In accordance with this second rule, homeopaths prepare remedies by repeatedly diluting (and vigorously shaking) their homeopathic substances to the point where very few, if any, molecules of the substance remain in the dilution. For instance, many of the active ingredients in the Hyland’s and Kids Relief products are diluted to a concentration of 1 molecule of active ingredient per 999,999 molecules of solvent. Including only trace amounts of the active ingredients, the manufacturers say, ensures that the remedies will actually work better. Some homeopathic remedies don’t even contain a single molecule of their active ingredients because they have been diluted so many times, but homeopaths nevertheless “assert that ‘something’ remains: the essence of the substance, its resonance, its energy, its pattern,” as homeopath Dana Ullman explained in his book Discovering Homeopathy. Hmm.
So the Kids Relief and Hyland’s cold and flu products are homeopathic because they follow the two rules: First, they contain active ingredients that supposedly cure cold or cough symptoms because they cause cold or cough symptoms; second, their active ingredients are in very, very low concentrations. Hyland’s 4 Kids Cold ’n Cough Nighttime, for instance, contains coffea cruda, a fancy name for coffee extract, because, well, coffee causes insomnia at high doses, so according to the rules of homeopathy, it should treat insomnia at low doses. The syrup also contains allium cepa, otherwise known as onion juice, because—as any home cook knows—onions cause your nose to run, so they should relieve runny noses too. Yet again, in these syrups, there is only one molecule of allium cepa or coffea cruda for every 999,999 molecules of solvent. So even if you’re wary that onion juice will actually ease your cold symptoms, it’s barely there anyway.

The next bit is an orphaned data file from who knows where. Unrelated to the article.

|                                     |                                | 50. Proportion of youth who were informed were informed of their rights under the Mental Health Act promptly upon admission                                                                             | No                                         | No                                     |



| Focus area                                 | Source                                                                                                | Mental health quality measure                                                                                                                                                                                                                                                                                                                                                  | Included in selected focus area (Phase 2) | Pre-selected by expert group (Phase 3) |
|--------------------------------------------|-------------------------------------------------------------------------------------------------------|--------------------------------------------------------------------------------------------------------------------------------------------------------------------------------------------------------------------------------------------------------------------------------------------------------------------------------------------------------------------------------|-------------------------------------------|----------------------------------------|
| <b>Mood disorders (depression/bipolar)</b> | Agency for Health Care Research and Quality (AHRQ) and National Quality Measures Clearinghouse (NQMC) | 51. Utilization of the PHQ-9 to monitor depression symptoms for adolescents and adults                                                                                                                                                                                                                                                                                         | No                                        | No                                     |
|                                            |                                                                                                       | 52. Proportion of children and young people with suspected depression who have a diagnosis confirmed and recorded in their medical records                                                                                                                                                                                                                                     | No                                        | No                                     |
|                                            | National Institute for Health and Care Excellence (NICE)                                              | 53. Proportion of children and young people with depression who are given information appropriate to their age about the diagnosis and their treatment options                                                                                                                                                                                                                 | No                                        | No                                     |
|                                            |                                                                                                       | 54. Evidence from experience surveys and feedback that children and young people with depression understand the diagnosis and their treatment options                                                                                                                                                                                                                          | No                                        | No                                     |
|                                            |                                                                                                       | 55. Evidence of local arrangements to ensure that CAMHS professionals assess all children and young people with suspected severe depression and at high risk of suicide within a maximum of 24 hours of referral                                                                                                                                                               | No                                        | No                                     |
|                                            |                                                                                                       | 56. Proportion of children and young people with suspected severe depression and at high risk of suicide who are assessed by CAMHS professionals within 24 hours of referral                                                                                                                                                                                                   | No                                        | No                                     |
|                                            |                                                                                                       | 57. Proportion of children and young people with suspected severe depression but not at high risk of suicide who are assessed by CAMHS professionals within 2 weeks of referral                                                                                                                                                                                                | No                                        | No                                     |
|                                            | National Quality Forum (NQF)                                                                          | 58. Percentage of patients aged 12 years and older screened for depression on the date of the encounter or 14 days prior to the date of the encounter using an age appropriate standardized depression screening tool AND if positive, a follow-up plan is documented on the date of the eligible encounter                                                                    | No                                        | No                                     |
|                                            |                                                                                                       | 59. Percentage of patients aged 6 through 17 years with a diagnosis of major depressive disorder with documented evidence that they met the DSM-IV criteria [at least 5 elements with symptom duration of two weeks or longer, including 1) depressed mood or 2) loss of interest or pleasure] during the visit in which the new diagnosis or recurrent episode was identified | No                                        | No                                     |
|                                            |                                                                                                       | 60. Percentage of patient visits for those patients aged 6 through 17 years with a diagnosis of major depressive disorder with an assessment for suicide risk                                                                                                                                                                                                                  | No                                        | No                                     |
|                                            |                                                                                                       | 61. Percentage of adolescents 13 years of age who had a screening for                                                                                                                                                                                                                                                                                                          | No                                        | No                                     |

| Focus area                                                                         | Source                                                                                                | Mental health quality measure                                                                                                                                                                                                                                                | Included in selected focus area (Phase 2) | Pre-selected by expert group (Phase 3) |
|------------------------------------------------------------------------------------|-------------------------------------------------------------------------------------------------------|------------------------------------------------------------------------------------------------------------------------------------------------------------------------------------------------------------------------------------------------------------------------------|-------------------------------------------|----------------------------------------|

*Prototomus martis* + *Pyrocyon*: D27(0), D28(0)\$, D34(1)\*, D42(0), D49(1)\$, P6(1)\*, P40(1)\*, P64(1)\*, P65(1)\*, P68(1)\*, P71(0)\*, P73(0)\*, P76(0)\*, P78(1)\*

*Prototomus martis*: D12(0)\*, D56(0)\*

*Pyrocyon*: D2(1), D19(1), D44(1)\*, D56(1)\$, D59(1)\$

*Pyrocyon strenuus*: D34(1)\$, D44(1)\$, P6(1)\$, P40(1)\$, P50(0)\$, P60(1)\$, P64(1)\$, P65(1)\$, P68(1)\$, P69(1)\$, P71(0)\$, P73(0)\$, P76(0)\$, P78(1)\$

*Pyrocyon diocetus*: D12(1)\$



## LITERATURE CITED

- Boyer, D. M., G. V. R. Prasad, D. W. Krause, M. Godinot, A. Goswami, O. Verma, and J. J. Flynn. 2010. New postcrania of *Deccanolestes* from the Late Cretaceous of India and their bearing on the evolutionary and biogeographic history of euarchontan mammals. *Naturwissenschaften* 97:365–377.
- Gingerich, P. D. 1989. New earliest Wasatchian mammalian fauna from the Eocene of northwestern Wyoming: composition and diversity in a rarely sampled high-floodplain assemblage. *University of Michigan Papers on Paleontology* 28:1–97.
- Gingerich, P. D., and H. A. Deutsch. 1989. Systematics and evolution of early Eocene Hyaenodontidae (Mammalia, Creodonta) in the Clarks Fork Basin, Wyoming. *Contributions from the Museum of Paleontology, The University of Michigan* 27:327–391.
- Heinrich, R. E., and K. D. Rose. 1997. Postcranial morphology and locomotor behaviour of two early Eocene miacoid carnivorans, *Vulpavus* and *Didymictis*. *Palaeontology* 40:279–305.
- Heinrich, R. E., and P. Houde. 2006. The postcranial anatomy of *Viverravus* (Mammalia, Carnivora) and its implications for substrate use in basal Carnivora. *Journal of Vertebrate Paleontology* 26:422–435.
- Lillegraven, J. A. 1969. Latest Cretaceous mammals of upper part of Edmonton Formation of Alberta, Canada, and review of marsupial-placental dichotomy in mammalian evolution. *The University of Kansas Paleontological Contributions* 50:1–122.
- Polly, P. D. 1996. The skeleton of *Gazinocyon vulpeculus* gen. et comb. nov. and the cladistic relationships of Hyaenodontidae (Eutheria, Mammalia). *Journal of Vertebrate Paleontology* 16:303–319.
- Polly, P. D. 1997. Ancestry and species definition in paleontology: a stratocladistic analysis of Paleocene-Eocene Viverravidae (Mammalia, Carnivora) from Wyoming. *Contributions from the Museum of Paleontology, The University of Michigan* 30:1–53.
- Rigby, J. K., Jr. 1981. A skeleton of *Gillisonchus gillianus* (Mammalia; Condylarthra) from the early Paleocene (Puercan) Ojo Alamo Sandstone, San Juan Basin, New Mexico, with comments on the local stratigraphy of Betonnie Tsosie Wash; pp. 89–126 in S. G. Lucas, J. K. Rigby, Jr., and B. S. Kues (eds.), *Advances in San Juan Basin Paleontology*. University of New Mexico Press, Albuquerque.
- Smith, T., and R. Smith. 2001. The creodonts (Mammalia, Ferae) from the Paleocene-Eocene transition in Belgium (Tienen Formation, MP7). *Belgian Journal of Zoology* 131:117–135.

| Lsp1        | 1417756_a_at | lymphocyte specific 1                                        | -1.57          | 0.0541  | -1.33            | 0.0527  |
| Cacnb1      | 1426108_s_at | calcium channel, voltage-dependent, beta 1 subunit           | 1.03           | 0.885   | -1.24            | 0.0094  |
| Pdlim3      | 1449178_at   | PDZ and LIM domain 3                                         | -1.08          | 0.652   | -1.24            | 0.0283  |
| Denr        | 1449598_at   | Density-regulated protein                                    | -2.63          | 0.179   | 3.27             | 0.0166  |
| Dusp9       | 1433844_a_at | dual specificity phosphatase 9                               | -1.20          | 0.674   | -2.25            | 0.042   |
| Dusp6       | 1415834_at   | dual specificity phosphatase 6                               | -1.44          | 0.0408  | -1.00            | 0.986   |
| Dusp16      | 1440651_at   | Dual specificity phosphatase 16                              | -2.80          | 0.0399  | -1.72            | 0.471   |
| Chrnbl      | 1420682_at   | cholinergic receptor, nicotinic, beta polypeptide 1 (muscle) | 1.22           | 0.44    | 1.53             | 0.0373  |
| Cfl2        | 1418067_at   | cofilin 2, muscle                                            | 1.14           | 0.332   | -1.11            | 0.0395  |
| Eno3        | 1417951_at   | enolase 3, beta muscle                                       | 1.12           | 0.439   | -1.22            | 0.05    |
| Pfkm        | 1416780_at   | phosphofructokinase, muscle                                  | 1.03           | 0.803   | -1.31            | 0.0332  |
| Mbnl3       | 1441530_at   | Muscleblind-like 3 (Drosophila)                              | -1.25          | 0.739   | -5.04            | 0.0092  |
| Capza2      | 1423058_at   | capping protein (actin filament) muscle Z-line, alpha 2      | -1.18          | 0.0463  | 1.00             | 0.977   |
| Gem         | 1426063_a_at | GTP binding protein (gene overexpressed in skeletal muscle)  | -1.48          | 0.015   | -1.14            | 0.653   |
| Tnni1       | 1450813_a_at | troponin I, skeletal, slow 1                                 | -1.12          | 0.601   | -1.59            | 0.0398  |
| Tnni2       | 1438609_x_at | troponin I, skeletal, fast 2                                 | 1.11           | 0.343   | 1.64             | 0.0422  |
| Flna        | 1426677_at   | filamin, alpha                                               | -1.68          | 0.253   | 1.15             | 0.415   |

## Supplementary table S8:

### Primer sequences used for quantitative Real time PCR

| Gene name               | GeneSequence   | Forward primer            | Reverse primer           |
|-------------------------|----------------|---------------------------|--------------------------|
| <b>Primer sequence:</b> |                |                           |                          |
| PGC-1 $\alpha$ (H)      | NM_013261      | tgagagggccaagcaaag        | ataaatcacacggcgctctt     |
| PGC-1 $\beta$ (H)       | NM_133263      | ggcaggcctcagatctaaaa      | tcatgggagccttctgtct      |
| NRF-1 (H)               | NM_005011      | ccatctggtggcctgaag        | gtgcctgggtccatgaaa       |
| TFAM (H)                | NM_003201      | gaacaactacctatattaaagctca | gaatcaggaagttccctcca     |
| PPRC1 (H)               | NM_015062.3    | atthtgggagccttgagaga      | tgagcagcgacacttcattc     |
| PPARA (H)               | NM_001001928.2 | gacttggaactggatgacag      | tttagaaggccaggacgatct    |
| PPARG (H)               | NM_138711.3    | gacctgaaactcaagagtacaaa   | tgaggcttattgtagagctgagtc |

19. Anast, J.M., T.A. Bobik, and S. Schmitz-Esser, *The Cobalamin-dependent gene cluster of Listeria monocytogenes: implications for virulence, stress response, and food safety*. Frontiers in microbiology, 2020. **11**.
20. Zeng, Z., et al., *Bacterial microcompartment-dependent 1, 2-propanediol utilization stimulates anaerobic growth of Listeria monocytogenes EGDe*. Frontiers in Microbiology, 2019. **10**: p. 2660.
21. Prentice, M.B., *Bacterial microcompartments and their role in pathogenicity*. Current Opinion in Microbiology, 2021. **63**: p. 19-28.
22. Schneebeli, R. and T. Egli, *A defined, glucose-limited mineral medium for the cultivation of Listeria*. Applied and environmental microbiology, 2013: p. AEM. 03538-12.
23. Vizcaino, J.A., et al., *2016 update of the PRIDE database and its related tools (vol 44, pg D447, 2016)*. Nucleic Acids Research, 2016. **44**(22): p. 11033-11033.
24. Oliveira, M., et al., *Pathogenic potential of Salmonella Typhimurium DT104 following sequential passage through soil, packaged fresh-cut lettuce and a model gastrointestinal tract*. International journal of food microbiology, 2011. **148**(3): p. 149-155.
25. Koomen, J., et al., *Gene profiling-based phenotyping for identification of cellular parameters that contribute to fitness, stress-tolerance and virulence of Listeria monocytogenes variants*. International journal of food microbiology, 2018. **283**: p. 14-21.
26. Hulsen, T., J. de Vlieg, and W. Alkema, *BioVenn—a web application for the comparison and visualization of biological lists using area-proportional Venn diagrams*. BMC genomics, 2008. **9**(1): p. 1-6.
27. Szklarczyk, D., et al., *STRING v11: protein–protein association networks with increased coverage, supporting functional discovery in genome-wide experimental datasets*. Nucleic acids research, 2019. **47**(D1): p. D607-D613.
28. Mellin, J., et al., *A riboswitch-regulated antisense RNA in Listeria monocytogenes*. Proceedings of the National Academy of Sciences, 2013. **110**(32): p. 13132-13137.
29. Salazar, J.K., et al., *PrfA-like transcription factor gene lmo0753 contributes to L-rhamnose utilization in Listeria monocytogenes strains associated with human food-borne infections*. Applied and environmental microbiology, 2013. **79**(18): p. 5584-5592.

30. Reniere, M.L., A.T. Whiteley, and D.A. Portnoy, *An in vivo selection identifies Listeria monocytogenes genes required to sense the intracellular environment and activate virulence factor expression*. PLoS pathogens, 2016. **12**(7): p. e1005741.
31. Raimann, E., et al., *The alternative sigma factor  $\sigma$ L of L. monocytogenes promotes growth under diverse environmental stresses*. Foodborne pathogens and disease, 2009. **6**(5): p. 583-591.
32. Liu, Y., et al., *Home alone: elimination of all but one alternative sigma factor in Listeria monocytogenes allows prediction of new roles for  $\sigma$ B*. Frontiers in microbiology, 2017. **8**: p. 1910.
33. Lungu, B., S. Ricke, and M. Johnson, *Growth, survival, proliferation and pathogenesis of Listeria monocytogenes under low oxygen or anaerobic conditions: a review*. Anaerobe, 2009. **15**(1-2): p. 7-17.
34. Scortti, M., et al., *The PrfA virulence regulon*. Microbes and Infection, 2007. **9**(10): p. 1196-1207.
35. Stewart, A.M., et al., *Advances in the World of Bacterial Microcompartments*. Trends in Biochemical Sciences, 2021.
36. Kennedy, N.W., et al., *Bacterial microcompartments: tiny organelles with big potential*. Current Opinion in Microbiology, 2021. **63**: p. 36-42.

Indeed, a search of studies available from the U.S. National Library of Medicine suggests that very few, if any, homeopathic substances have ever been shown to work better than placebos in high-quality clinical trials. (One meta-analysis that homeopaths cite as evidence to the contrary nevertheless found “insufficient evidence from these studies that homeopathy is clearly efficacious for any single clinical condition.”) In fact, according to a recent court decision, Hyland’s itself hired a scientist to test out how well its 4 Kids Cough ’n Cold syrup works. As summarized in the court document, he discovered that it had “no more effect than a sugar pill.” (There is an ongoing national class-action lawsuit against Hyland’s right now, alleging that it has misrepresented the effectiveness of its children’s cold and flu products.) Overall, according to the National Center for Complementary and Integrative Health, “there is little evidence to support homeopathy as an effective treatment for any specific condition.”